"The (Taser) technology that's out there is very effective as long as it's deployed properly," said Saskatoon Police Service spokesperson Insp. Lorne Constantinoff.
City police are currently equipped with a baton, pepper spray and firearm. Spray doesn't work on everyone and requires proximity of no further than two metres.
The Taser has a range of six metres.
An officer aims it like a firearm, firing two hooks with a single shot. The hooks, connected to the Taser by a thin wire, dig into the skin of the human target and discharge a 50,000-volt current, causing the person to lose muscle control.
The shock leaves the person feeling dazed for a few minutes, but police say there are no long-term effects.
The decision of when to use a Taser is a judgment call, Constantinoff said, but generally it's appropriate when lethal force isn't warranted and other measures are ineffective or unsafe.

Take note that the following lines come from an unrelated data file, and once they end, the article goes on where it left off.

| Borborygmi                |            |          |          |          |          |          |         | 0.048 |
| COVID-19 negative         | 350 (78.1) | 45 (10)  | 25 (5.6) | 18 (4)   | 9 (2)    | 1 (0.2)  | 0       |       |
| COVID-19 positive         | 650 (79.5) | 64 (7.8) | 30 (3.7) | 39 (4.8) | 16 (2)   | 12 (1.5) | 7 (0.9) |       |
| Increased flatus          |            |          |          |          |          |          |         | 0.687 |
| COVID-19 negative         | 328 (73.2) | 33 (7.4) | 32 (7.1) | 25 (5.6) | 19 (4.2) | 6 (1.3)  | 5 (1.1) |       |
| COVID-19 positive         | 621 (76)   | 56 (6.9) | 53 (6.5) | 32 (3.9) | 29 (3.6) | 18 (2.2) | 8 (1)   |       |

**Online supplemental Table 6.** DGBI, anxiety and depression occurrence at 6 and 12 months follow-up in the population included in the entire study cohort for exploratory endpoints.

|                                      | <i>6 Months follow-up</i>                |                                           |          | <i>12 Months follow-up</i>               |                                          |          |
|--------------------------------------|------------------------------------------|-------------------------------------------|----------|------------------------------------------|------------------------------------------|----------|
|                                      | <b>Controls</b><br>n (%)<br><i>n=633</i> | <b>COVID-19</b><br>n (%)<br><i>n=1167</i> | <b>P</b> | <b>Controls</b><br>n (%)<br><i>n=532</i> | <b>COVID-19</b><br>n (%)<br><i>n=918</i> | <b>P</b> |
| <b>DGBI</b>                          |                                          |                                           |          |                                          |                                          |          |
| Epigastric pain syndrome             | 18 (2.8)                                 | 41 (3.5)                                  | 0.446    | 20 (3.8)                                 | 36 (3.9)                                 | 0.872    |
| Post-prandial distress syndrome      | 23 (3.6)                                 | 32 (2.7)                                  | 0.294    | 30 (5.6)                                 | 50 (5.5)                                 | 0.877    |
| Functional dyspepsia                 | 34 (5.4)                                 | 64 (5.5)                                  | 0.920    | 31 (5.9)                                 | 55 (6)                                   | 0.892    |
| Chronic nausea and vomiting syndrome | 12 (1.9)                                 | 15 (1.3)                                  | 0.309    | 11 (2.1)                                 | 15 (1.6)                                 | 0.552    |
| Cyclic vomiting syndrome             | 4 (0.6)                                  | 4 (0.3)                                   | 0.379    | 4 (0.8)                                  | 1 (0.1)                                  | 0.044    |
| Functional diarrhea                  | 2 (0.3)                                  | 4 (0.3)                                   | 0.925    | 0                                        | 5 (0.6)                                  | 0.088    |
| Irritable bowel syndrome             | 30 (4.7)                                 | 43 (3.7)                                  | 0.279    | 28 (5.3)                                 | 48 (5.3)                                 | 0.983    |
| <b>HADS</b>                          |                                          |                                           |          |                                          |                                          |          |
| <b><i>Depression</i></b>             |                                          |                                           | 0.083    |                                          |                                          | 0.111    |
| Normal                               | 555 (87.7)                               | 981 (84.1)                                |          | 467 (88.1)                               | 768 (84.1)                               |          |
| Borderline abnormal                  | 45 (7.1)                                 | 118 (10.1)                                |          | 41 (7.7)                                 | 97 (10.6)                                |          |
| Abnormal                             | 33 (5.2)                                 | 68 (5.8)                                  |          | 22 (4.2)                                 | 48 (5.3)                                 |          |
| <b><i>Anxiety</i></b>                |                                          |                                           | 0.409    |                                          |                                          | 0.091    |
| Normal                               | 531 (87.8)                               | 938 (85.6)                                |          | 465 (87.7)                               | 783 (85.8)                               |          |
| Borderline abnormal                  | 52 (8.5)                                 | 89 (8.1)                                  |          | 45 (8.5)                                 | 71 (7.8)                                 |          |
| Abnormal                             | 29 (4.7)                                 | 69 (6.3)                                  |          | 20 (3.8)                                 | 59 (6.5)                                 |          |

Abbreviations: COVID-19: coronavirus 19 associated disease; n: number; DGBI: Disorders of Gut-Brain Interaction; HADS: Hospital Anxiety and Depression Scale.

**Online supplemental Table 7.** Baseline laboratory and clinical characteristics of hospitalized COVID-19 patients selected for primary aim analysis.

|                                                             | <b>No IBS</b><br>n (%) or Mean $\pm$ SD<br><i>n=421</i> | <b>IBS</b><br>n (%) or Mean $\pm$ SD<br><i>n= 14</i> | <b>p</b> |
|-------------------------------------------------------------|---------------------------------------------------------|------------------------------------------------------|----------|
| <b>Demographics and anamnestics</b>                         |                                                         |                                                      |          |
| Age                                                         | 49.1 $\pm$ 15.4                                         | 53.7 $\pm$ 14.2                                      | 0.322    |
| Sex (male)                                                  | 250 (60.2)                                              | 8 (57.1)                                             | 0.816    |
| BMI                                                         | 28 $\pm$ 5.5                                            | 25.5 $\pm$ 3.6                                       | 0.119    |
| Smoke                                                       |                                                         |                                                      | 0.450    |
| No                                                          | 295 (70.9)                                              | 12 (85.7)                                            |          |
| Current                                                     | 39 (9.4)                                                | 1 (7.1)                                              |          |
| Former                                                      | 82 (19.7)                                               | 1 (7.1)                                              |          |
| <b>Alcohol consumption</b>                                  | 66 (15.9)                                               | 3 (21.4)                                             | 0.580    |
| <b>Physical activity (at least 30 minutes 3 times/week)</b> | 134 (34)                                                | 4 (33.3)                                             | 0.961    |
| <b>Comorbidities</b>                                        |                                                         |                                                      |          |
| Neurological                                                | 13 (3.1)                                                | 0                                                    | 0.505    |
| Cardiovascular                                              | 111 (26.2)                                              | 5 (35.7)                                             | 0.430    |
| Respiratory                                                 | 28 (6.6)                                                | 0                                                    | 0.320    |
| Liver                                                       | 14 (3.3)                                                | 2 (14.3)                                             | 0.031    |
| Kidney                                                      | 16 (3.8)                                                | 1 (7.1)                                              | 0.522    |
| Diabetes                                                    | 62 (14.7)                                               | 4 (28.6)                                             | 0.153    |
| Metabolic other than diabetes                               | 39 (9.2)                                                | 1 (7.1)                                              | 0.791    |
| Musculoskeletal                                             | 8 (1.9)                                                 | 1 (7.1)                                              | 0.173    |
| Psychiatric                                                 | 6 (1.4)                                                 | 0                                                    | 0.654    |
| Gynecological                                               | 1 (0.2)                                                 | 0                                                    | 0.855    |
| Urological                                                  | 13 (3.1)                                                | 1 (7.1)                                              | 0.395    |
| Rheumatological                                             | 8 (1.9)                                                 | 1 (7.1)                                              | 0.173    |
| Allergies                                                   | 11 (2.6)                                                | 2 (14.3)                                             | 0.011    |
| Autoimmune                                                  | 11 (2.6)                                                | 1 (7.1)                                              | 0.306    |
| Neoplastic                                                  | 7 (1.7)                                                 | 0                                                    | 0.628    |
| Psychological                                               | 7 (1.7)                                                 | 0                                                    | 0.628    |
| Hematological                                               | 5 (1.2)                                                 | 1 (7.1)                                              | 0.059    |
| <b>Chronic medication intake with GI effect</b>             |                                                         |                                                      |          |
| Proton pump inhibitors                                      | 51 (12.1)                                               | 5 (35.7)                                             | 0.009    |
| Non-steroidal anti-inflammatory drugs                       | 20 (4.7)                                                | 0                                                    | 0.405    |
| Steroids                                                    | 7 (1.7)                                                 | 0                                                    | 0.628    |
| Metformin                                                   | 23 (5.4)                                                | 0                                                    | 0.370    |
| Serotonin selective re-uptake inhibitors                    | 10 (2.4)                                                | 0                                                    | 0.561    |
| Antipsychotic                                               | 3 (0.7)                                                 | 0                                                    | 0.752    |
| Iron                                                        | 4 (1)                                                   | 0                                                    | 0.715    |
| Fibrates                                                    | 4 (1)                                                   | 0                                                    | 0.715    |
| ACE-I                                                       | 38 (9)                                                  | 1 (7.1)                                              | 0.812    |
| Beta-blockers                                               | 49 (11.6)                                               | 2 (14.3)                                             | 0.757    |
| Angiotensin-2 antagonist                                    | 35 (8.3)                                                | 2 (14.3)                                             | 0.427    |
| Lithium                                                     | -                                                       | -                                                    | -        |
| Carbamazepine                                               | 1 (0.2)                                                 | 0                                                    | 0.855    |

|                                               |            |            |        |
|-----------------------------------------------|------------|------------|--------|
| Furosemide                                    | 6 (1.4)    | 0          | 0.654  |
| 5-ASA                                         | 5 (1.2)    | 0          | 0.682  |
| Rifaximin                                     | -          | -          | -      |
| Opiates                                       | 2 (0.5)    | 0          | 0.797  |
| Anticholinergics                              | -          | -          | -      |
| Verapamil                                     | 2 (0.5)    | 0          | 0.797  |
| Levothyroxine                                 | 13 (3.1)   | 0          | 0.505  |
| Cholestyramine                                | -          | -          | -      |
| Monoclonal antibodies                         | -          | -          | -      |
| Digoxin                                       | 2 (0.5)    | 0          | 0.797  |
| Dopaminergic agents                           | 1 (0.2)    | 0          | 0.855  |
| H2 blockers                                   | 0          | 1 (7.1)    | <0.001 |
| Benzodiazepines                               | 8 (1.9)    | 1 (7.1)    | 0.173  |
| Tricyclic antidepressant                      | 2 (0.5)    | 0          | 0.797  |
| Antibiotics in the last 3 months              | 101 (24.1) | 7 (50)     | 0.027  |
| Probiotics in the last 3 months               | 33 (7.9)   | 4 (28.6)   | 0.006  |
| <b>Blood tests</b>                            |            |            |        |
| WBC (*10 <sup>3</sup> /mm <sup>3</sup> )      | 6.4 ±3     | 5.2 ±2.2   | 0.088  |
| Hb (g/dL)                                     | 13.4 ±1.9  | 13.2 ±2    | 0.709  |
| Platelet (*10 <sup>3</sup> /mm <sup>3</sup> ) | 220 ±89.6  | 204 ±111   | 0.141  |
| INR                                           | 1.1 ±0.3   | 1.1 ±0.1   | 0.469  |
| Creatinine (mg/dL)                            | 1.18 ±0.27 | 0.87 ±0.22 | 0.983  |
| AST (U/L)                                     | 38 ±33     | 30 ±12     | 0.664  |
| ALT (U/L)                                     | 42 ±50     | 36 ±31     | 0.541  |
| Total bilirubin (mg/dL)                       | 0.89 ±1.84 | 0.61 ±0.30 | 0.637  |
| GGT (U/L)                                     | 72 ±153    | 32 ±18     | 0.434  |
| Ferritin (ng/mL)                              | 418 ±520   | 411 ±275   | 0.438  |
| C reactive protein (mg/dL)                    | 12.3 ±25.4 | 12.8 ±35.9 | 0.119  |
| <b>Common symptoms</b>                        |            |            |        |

For example, an officer might fire a Taser at a subject threatening him or her with a knife, he said.
The Taser should not be used on a subject who's armed with a gun, because the shock causes muscles to jerk.
"Any tool when it comes to the use of force, to give the officer another option other than lethal force is a good tool," said city police association vice-president Dave Haye.
The police service already owns two Tasers, stored by emergency response team members, who haven't put them to use other than for training.